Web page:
Leather is often lauded for its buttery smooth texture; its timelessness; its supple strength; and its chic, sensual versatility. But it’s undeniably one of the most environmentally detrimental products in the industry - affecting tannery workers working with toxic chemicals, nearby communities, and of course, the lives of the animals. However, there are now numerous companies looking to completely transfigure the leather industry, offering groundbreaking and scientifically backed ethical alternatives that can absolutely rival the classic material. Fashion Tech Lab is backing a unique San Francisco-based venture called VitroLabs, which is creating lab-engineered, 100% cruelty-free leathers, bio fur, and pelts. These are grown from the real stem-cells of cows, ostriches and crocodiles - genuine leather, grown in a petri dish rather than taken off the backs of living, breathing animals.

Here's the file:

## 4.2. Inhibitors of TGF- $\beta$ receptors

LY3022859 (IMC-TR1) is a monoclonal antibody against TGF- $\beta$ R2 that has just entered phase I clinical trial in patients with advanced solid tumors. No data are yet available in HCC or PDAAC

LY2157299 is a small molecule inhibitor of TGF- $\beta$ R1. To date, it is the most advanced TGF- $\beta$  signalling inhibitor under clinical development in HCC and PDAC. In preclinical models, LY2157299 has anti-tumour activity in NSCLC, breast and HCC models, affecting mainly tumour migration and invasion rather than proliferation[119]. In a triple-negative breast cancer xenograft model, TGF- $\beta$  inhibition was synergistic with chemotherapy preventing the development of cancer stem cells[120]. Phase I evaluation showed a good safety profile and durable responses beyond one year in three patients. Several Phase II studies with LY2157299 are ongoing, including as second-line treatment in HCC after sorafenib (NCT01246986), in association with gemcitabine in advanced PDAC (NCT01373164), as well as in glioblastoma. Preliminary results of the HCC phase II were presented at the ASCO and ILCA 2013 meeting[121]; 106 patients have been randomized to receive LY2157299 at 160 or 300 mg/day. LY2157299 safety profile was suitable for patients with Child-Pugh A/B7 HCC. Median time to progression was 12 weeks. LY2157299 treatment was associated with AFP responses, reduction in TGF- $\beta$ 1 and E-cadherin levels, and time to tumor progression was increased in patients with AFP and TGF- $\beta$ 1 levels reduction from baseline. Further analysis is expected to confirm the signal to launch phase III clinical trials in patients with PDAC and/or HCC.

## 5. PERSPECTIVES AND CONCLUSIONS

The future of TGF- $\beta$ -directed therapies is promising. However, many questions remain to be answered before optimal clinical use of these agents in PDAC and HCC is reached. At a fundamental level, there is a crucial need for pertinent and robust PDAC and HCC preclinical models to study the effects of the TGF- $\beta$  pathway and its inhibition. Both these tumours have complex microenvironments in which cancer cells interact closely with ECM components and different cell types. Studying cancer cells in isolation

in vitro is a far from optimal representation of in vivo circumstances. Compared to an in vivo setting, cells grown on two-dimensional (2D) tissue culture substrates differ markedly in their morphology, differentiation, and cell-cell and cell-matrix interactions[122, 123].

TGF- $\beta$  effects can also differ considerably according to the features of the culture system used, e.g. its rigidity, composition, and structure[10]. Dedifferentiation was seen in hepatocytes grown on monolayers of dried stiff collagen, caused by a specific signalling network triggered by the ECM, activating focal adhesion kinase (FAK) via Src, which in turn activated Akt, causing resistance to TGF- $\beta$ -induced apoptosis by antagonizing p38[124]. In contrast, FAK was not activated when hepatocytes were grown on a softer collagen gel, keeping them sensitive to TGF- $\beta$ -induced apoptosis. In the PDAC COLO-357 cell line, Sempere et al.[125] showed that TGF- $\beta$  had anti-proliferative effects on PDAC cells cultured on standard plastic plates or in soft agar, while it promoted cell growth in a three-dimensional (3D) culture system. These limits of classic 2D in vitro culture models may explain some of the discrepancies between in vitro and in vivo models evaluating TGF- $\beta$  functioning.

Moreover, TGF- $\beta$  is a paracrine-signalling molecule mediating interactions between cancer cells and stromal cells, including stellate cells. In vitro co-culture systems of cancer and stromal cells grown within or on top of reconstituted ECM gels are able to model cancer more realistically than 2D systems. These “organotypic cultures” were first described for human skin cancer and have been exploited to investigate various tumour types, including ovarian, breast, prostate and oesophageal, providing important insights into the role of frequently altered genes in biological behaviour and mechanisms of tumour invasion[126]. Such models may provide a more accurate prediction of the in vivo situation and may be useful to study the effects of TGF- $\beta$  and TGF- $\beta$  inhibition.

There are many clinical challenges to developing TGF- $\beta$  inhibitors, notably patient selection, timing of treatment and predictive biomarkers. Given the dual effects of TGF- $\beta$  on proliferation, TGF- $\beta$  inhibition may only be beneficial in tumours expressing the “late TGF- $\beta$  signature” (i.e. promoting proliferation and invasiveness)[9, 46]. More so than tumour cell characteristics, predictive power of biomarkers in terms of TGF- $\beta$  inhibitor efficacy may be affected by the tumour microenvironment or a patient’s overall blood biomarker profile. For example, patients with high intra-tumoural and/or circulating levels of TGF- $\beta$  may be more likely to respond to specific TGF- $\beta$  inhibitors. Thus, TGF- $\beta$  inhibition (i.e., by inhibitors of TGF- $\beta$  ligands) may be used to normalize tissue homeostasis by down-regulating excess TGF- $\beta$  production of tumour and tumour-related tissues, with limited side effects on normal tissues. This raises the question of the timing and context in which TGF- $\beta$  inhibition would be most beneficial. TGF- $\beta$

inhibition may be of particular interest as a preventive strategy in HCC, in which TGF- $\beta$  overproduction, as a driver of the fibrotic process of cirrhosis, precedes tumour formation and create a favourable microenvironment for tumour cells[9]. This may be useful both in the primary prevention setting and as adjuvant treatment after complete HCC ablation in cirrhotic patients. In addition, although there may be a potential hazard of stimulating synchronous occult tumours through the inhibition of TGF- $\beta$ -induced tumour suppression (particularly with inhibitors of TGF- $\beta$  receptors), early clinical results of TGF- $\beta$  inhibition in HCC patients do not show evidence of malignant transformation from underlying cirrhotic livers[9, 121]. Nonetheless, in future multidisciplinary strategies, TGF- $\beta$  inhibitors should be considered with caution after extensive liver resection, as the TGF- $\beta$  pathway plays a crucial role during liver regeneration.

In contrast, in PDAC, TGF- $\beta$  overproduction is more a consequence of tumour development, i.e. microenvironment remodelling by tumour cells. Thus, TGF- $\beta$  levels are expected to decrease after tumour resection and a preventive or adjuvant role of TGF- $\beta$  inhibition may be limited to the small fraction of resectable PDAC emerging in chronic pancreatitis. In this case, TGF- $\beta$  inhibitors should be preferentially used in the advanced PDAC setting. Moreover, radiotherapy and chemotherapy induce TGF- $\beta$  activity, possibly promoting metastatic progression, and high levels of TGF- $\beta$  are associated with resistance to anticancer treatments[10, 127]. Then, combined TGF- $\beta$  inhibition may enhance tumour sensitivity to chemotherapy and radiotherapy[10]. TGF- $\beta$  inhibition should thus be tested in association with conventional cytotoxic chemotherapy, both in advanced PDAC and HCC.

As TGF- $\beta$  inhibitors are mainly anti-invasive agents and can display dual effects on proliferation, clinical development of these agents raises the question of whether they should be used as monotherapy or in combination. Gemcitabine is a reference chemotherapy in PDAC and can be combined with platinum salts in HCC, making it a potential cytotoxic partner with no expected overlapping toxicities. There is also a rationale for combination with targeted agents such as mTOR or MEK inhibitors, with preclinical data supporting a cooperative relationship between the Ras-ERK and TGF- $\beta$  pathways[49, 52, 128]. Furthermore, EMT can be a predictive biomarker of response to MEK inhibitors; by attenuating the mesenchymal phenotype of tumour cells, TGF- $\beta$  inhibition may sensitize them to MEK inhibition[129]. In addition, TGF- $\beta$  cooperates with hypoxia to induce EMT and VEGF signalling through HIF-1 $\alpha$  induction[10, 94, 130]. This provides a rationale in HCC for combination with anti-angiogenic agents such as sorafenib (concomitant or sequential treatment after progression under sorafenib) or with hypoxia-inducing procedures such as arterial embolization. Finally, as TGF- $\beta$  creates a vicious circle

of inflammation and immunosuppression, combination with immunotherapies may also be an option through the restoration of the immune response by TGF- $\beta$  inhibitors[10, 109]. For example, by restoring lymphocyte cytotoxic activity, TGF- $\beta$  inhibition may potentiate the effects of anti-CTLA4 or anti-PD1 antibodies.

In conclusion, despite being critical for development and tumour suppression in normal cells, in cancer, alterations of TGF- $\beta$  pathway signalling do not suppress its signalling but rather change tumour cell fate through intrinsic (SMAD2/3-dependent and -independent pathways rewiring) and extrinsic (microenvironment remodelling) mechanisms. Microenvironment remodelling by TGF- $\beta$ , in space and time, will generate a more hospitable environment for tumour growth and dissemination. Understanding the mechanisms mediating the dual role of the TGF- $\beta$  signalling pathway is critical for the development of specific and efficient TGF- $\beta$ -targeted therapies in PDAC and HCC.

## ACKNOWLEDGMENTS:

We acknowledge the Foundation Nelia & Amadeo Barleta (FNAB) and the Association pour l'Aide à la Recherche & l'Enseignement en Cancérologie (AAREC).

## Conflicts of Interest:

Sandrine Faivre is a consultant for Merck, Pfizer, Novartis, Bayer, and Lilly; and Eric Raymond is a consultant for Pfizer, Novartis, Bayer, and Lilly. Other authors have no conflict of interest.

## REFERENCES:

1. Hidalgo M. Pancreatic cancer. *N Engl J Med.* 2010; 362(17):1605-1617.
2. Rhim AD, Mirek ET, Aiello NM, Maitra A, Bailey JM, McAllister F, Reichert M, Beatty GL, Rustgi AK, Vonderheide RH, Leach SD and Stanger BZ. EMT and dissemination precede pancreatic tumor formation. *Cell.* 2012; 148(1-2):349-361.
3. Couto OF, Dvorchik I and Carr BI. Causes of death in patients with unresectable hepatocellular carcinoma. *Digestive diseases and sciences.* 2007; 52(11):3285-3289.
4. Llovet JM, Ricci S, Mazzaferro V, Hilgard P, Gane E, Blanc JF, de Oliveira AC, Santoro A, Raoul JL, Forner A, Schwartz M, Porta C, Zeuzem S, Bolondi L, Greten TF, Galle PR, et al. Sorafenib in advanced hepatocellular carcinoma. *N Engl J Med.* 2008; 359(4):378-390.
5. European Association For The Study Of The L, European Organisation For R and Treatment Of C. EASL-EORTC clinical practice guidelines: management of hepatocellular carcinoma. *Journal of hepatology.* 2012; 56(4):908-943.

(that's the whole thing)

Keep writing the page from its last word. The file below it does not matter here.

Ananas Anam, a team founded by Royal College of Art graduate Carmen Hijosa (a leathergoods expert working numerous years in the leather industry), have developed an innovative textile made from pineapple leaves - a byproduct of existing agriculture - known as Piñatex. Not only does this fiber create an additional income stream for farming communities, but its non-woven qualities and smooth texture can be likened to that of real leather, offering yet another highly sustainable alternative to the unethical material. Since it’s produced entirely from the waste of consumed fruits, no extra water, fertilisers or pesticides are required to make it.